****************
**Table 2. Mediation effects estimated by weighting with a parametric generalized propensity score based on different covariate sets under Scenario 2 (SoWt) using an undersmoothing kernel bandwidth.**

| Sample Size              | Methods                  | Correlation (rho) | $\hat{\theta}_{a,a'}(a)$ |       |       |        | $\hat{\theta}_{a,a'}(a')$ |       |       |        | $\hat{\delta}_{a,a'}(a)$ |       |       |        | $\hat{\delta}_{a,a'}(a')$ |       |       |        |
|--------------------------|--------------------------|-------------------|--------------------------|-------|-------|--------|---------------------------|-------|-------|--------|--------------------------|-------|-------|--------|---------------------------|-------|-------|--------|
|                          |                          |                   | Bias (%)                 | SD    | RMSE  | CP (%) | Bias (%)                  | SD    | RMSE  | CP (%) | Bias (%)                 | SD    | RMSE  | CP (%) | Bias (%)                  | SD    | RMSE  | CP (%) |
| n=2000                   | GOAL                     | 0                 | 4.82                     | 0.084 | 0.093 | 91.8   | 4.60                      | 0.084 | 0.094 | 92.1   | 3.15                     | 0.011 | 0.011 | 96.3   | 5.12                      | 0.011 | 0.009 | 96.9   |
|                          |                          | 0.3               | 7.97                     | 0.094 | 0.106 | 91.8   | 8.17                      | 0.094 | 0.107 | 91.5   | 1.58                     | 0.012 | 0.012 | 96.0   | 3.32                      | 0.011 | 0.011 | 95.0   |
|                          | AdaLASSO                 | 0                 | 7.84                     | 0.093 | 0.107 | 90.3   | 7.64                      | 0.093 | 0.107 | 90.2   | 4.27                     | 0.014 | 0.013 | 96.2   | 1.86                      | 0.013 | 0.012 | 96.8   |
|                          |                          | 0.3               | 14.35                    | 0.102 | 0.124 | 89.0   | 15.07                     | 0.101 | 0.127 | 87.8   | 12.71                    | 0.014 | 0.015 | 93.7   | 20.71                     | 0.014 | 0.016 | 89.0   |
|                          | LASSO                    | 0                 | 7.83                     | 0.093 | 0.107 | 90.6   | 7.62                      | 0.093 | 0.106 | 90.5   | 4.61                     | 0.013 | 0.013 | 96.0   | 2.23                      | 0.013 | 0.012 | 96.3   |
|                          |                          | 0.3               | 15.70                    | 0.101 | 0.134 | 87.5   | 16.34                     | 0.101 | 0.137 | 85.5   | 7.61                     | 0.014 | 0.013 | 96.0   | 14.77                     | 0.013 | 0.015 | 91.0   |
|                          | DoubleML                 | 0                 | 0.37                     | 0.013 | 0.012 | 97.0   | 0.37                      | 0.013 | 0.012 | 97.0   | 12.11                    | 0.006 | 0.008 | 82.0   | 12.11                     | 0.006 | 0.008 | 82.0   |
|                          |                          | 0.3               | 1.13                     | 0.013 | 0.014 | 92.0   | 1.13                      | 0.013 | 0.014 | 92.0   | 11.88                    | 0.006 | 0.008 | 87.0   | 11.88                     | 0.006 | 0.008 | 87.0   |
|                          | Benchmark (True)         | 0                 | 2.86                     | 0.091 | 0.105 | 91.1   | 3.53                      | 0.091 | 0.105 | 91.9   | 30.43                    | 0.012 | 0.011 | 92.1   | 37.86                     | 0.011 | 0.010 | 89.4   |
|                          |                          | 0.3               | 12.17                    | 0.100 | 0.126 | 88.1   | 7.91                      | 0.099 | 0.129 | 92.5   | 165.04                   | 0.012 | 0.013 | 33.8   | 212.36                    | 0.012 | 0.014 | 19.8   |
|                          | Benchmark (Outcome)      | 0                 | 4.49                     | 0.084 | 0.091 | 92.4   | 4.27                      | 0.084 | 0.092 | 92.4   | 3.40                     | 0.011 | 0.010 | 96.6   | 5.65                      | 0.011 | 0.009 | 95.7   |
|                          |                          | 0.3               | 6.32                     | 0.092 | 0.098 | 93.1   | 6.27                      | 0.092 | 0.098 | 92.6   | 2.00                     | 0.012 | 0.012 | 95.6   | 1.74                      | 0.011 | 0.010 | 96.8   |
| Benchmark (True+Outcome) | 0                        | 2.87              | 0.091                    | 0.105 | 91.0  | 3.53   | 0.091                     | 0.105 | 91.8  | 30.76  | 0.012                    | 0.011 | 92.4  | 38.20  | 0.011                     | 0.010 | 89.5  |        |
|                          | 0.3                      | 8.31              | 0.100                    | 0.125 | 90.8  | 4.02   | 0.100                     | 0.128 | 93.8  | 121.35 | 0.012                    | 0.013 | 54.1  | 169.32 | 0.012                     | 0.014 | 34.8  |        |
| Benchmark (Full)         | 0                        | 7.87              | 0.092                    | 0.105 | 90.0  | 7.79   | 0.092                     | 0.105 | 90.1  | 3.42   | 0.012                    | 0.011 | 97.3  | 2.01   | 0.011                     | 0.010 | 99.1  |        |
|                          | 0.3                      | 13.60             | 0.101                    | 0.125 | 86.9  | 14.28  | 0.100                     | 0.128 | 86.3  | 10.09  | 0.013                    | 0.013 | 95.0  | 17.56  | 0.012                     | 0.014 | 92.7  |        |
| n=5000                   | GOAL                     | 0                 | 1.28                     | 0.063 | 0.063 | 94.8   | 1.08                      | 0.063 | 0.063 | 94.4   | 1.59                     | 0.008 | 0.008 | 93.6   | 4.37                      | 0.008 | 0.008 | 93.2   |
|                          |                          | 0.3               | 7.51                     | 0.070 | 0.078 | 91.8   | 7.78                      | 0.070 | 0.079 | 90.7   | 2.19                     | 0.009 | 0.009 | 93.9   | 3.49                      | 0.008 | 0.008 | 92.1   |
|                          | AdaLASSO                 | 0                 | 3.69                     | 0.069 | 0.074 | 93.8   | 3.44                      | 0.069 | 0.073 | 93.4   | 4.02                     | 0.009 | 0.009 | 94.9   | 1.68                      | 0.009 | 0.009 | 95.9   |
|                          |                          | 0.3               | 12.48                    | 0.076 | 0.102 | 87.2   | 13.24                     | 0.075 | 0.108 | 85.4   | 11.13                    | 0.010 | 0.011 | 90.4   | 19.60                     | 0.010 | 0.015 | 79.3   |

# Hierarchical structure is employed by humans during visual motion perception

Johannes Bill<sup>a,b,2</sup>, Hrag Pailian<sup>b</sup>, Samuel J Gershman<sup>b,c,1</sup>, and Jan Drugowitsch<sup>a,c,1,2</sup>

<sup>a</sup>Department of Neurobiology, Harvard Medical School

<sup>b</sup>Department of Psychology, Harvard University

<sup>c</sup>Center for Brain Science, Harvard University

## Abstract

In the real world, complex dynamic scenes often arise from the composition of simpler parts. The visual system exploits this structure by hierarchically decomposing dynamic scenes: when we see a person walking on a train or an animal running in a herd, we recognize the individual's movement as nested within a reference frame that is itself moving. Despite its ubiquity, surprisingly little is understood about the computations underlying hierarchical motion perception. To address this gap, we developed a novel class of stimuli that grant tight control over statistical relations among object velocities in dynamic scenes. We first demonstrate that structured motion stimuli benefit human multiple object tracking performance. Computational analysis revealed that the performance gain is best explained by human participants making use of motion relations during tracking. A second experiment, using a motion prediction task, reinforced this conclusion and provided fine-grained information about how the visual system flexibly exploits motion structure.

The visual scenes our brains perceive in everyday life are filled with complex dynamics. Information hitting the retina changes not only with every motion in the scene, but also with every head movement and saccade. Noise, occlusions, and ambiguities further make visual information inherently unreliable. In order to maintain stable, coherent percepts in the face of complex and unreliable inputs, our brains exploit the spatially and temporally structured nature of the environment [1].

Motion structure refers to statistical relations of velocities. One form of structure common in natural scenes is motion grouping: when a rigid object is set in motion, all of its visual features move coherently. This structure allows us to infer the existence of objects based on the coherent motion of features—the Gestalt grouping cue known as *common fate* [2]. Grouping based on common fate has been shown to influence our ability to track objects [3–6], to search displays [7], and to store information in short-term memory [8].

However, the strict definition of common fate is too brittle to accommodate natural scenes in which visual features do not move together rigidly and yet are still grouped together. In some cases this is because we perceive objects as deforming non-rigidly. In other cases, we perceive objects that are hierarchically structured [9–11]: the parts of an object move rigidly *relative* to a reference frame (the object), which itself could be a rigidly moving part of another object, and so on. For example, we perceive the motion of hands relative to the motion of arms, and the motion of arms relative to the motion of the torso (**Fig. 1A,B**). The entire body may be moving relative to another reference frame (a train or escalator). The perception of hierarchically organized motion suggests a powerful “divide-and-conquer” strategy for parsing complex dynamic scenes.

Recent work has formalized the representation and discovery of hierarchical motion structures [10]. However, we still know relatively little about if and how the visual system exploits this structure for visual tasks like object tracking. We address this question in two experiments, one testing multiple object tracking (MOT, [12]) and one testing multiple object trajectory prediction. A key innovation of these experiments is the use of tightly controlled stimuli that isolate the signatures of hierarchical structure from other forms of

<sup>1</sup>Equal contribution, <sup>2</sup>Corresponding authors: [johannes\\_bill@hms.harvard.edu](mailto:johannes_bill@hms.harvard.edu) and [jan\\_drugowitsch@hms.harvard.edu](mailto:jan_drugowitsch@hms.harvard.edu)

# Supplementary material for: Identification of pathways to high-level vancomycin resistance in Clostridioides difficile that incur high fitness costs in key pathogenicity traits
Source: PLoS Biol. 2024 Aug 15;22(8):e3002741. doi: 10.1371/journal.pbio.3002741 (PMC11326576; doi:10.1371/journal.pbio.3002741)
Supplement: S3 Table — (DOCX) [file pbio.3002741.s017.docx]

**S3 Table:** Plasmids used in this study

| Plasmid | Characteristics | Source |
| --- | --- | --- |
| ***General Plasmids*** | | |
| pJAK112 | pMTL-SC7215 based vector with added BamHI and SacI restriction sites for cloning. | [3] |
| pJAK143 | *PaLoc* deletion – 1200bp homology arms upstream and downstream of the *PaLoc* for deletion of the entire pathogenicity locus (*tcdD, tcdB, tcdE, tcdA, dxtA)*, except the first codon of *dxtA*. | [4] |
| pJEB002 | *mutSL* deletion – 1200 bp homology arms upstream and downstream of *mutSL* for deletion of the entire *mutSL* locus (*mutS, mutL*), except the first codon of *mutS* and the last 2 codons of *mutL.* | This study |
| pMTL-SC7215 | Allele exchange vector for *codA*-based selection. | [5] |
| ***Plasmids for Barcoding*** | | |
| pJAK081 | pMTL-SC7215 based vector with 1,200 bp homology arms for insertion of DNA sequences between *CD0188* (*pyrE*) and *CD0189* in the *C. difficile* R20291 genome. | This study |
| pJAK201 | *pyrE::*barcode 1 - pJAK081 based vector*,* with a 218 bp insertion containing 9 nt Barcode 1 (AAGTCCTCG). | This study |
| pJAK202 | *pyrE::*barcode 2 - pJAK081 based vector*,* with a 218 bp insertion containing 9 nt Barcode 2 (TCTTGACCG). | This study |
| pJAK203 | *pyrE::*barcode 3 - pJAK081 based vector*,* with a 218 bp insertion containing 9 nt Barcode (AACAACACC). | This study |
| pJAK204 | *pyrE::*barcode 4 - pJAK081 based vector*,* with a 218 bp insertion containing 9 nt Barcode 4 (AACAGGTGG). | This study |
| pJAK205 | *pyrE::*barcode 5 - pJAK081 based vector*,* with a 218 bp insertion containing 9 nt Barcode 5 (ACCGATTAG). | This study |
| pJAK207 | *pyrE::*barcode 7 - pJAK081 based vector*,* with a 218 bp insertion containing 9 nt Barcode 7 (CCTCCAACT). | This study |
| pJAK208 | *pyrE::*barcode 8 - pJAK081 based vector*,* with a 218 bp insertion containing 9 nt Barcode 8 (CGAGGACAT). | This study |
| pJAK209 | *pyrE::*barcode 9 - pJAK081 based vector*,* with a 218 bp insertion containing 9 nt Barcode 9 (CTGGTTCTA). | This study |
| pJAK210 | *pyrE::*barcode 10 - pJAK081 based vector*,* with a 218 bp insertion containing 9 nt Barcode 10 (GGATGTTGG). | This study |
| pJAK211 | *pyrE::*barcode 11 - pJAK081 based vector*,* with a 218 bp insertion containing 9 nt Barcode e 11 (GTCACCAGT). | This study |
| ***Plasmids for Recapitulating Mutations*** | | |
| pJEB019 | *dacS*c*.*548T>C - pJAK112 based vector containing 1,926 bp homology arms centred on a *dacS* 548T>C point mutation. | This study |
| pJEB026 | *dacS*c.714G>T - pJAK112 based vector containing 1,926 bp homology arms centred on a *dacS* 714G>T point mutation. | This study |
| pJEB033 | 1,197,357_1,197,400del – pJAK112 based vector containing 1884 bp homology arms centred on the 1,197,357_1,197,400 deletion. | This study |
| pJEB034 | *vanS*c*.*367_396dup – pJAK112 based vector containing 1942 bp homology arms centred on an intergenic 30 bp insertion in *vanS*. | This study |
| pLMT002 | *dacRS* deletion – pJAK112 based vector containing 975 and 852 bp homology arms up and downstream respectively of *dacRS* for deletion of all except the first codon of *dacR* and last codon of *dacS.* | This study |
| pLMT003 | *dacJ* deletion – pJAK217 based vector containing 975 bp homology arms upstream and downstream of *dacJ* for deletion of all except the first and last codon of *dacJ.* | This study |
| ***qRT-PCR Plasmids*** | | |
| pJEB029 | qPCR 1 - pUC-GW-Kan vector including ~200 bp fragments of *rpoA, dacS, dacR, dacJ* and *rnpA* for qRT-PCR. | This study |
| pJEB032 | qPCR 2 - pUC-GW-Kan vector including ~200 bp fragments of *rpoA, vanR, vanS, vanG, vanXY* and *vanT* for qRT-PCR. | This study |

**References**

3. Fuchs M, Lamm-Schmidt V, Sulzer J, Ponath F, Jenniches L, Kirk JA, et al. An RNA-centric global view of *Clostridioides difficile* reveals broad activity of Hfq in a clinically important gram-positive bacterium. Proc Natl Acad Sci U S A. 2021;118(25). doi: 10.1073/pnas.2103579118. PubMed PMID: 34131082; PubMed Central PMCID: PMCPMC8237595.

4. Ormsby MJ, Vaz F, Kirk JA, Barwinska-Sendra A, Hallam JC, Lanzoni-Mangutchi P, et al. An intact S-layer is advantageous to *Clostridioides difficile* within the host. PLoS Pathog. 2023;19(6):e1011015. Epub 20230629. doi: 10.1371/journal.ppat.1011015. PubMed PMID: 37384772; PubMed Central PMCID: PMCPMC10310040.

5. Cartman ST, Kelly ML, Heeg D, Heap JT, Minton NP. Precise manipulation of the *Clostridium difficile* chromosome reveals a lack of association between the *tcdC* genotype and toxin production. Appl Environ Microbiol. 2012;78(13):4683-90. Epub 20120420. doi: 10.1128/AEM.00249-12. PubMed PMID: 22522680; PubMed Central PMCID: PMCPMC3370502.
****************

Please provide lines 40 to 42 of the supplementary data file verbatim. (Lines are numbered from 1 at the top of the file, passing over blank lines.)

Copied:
**S3 Table:** Plasmids used in this study

| Plasmid | Characteristics | Source |
| --- | --- | --- |